Hi all, my back bedroom has a very high ceiling, and only single brick construction on 2 exterior walls. The room has damp patches on the 2 exterior walls. I want to put in a lower ceiling, using new joists and plasterboard, and I want to 'dry line' the 2 exterior walls as this room is very cold. Could someone suggest what size timbers to use for the ceiling joists ( 4x2 ? ), the room is 9'x12", and what timbers to use on the 2 walls, what insulation to use between the timbers, and what type of boarding to use on ceiling and walls. Do I need to sand and cement the other 2 interior walls prior to plastering ? I know it's a long question, but I would really appreciate some feedback on this. Thanks.
4x2 should be okay, you want make sure they are well secure when fitted, as you don't want the weight of the plasterboard to bring them down. Plan the spaces of joist and centres out, so you reduce the number of cuts you need to make in the boards making the cost less and installation less time consuming. Plus plan for your lighting!
This is a job you only want to do once.
The best solution for the ceiling is to fit underneath the joists a water vapour proof lining and under that close fit (taking care to avoid any holes) one inch polystyrene and under that plasterboard. (make sure you seal round the wire to the light fitting.)
If you have access to the roof space,and there's enough room fill the spaces
between the joists with poly foam. (It will find its way into the most unlikely spaces and make a hole free filling)
If there is no access then cut four inch thick polystyrene to fit tightly. (It won't be as good a filling)
Then do the same on the walls - different type of foam.
This will give you a room that requires little or no heat.
The big issue, is leakage of air, due to rising heat and the sucking effect of the wind. Stop heat loss and save money.
Many thanks for the help on my single brick walls. Should I also use the foil backed plasterboard on the walls, screwed to 2x2 batons with insulated foam boards between the batons ? I think this site is brill for us amateurs, and I will still need a professional plasterer to skim over, so we won't be taking work off the pro's. Once again many thanks.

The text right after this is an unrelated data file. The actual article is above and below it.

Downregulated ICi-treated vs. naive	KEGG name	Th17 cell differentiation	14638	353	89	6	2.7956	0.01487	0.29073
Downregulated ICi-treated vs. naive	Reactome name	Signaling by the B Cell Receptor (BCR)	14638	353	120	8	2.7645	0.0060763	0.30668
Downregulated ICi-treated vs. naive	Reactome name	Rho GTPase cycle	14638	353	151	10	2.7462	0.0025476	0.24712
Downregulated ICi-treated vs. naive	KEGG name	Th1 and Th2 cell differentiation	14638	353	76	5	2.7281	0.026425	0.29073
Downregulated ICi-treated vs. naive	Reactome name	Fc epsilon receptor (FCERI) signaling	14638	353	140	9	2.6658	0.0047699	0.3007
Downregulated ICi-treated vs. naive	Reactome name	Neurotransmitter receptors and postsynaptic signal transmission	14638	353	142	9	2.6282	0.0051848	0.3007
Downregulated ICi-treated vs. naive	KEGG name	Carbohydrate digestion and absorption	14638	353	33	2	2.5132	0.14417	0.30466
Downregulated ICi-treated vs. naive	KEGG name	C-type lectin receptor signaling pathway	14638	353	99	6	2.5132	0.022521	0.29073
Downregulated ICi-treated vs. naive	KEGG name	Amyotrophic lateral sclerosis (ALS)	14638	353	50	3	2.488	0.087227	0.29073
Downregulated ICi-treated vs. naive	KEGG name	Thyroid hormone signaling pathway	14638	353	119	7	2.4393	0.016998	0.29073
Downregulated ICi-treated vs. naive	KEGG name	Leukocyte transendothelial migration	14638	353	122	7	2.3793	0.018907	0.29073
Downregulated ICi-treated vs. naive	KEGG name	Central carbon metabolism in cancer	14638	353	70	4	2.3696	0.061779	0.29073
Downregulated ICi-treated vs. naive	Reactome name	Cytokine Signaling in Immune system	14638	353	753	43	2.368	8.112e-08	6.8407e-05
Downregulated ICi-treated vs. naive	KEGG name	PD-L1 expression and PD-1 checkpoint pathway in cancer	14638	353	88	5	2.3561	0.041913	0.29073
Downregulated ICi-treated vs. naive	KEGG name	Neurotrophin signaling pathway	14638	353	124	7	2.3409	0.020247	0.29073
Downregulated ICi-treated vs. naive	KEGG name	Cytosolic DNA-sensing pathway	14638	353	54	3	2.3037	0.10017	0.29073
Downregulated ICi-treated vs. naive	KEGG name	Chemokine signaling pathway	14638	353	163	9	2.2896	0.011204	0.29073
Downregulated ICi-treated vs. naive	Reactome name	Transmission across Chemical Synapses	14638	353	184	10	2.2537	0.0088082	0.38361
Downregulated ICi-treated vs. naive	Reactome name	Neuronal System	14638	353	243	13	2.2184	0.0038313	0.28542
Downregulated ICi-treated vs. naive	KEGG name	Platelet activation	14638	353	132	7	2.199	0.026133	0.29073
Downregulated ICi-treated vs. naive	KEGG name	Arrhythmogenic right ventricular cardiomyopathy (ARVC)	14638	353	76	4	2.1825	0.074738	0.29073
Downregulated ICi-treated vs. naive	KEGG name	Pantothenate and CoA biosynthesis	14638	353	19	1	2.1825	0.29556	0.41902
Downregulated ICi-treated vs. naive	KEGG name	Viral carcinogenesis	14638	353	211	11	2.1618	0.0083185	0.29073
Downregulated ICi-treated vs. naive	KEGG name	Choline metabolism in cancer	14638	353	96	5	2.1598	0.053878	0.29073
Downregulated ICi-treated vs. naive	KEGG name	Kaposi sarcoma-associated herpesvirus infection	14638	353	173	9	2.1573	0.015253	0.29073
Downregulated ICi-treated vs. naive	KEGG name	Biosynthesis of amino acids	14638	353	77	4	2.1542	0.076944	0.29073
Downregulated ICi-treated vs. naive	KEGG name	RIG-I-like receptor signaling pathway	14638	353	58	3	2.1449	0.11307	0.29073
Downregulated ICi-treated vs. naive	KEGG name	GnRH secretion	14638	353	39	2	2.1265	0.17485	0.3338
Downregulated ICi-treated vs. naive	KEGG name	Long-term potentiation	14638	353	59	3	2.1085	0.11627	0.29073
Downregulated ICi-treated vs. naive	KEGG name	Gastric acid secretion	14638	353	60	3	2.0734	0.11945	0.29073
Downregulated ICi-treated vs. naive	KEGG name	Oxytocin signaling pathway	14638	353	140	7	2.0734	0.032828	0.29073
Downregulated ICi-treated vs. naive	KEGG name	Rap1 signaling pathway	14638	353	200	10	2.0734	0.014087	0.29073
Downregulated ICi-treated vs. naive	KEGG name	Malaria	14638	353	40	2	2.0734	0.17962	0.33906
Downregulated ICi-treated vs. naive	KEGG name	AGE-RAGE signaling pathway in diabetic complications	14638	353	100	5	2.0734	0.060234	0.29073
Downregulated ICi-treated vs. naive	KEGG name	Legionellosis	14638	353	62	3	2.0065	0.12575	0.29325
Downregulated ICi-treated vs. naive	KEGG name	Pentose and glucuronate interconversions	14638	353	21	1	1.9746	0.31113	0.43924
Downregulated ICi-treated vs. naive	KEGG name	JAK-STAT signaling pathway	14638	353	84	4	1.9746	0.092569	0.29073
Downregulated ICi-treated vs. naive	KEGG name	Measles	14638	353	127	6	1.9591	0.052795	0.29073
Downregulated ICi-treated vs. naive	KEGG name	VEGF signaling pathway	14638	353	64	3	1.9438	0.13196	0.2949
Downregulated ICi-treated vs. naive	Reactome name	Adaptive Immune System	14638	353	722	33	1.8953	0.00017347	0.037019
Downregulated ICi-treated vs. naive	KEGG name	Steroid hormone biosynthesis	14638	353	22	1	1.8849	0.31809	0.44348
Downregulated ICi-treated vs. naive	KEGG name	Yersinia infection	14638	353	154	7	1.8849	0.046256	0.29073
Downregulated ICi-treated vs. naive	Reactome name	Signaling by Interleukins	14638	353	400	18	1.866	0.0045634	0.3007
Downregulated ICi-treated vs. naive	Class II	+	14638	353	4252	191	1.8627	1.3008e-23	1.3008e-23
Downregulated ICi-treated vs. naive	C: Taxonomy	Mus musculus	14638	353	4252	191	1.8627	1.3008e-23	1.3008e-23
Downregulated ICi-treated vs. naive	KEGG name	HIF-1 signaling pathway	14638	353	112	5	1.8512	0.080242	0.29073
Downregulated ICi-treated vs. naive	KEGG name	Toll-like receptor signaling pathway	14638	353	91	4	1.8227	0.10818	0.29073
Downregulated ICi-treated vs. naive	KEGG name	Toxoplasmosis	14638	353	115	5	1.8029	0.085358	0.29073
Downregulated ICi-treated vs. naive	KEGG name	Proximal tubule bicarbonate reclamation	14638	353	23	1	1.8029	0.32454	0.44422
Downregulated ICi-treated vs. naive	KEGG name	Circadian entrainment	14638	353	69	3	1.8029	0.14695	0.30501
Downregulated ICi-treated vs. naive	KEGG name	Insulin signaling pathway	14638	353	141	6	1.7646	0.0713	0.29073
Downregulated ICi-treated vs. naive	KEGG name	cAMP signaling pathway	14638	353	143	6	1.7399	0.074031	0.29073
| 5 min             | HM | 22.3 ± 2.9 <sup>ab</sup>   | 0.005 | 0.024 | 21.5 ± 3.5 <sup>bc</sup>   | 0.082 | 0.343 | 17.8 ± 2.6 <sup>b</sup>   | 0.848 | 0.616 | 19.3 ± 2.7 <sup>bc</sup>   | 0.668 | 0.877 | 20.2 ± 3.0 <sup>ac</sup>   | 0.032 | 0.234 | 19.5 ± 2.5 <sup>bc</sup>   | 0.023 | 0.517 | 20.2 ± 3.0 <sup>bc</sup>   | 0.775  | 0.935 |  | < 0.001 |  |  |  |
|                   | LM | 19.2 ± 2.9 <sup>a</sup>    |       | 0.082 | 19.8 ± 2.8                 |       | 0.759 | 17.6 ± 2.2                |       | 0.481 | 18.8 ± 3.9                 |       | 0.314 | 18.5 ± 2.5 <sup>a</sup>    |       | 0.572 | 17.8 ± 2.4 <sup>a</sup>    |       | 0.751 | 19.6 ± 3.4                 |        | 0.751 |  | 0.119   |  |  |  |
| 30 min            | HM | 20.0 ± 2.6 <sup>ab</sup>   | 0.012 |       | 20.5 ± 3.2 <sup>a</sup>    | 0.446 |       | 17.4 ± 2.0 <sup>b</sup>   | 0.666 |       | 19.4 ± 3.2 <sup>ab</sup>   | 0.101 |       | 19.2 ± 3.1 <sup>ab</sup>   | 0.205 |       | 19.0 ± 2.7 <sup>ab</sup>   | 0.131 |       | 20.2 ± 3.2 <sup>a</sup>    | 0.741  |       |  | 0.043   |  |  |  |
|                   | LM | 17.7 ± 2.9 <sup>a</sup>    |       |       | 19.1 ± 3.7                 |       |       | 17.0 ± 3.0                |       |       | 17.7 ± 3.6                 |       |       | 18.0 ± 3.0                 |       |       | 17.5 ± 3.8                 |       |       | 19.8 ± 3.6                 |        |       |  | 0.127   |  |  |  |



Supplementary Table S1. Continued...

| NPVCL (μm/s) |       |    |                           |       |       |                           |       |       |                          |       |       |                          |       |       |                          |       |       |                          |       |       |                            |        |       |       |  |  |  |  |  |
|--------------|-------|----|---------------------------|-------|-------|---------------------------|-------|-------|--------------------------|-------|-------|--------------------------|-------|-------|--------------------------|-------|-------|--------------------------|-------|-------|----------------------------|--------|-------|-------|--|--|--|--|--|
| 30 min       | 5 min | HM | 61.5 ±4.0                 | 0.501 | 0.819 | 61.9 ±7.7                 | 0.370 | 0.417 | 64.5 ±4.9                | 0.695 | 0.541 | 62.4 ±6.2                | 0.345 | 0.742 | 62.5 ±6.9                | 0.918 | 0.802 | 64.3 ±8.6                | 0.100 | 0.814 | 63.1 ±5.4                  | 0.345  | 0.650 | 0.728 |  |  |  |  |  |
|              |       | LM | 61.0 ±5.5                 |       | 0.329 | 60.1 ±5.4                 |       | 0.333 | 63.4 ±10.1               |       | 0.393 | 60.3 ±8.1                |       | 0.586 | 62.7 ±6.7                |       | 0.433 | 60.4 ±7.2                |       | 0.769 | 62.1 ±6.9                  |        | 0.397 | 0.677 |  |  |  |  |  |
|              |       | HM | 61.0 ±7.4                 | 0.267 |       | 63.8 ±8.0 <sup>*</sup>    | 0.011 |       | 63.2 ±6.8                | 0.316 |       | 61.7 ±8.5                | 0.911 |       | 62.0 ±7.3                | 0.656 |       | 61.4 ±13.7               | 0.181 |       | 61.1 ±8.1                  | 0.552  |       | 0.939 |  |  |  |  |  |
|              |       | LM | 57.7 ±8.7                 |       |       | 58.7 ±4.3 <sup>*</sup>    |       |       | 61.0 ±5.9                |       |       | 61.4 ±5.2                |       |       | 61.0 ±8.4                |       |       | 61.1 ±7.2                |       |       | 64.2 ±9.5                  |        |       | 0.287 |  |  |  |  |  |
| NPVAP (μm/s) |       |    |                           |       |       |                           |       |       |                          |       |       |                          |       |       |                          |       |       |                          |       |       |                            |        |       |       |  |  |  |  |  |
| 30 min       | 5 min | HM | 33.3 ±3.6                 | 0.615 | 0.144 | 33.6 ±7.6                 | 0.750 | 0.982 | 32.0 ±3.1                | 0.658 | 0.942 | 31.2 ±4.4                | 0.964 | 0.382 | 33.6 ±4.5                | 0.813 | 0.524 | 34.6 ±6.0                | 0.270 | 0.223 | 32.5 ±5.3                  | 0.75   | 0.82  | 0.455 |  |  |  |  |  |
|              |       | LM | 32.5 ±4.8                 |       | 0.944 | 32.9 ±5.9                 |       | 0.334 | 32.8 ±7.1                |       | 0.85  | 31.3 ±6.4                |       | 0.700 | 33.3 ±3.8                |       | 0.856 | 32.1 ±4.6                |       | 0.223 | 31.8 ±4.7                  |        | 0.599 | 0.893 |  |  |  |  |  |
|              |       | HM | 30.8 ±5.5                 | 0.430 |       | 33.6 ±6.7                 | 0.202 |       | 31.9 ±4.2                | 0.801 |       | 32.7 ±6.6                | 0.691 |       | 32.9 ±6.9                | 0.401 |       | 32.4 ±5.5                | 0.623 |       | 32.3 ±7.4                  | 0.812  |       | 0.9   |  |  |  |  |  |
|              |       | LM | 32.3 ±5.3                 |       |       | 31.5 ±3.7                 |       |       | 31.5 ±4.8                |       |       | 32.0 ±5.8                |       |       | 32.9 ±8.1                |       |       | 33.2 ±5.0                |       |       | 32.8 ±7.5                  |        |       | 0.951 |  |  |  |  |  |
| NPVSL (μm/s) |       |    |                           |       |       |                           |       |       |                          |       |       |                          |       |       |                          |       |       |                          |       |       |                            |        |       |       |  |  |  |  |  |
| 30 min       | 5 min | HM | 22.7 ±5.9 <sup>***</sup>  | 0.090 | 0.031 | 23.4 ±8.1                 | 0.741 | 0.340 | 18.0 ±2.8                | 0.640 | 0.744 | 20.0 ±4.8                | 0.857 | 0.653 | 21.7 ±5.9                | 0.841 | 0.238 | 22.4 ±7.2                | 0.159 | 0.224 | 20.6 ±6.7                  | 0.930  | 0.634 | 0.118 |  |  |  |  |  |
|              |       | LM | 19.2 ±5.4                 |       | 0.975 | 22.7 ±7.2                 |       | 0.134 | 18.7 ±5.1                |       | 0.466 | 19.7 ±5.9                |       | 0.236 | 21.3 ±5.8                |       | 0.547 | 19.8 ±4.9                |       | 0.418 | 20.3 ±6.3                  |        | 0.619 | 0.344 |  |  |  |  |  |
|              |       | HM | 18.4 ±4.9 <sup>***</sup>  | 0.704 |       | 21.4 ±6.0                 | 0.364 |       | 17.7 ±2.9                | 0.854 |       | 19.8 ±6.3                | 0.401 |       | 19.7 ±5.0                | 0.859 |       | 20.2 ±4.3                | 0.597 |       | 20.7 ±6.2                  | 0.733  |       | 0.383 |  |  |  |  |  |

I'd be looking to resolve the damp problem first, is it rising, pointing or roof that is causing this? otherwise all you will be doing is hiding the problem and it will cause other problem if it is not sorted out!
Once that problem is sorted out you could put up a stud frame to board to or dot'n'dab the wall if you think it is needed. Moisture boards are good but no need if no moisture ingress!
Hi KBrownie, I think I have solved damp problem, there were 3 ridge tiles which weren't secure, and rainwater was running down the loft wall and making the top of the interior bedroom wall damp. But the wall was an exterior wall and only single brick, so was very cold. My father had a massive radiator fitted, which heated the room, but caused condensation when the heat hit the cold wall. I think that I can solve this problem, using your and others suggestions. Once again, many thanks to all.
If it's a single skin wall i'd put up a stud (timber) wall. Using moisture boards (foil back) I'd also consider polyethene sheets to cover plaster wall pre stud, so between exsisting wall and timber. So you can then insulate between stud work before boarding
Hi Kbrownie, you have answered all my questions at one go ! I will do as you suggested and place polythene lining on walls before studding them, then put insulation between timbers under foil backed board. Just a couple of questions, what sort of insulation would you recommend, and what would you do with the other 2 interior walls ? Dab on boards, or browning ? Thanks.
Insulation Kingspan best and easy to install, May cost a little more than rock wool? Don't use polystyrene if you ever install electric cables with it they don't get on!
Other walls, choice is yours really, wouldn't put anybody of either.
Good Luck with your project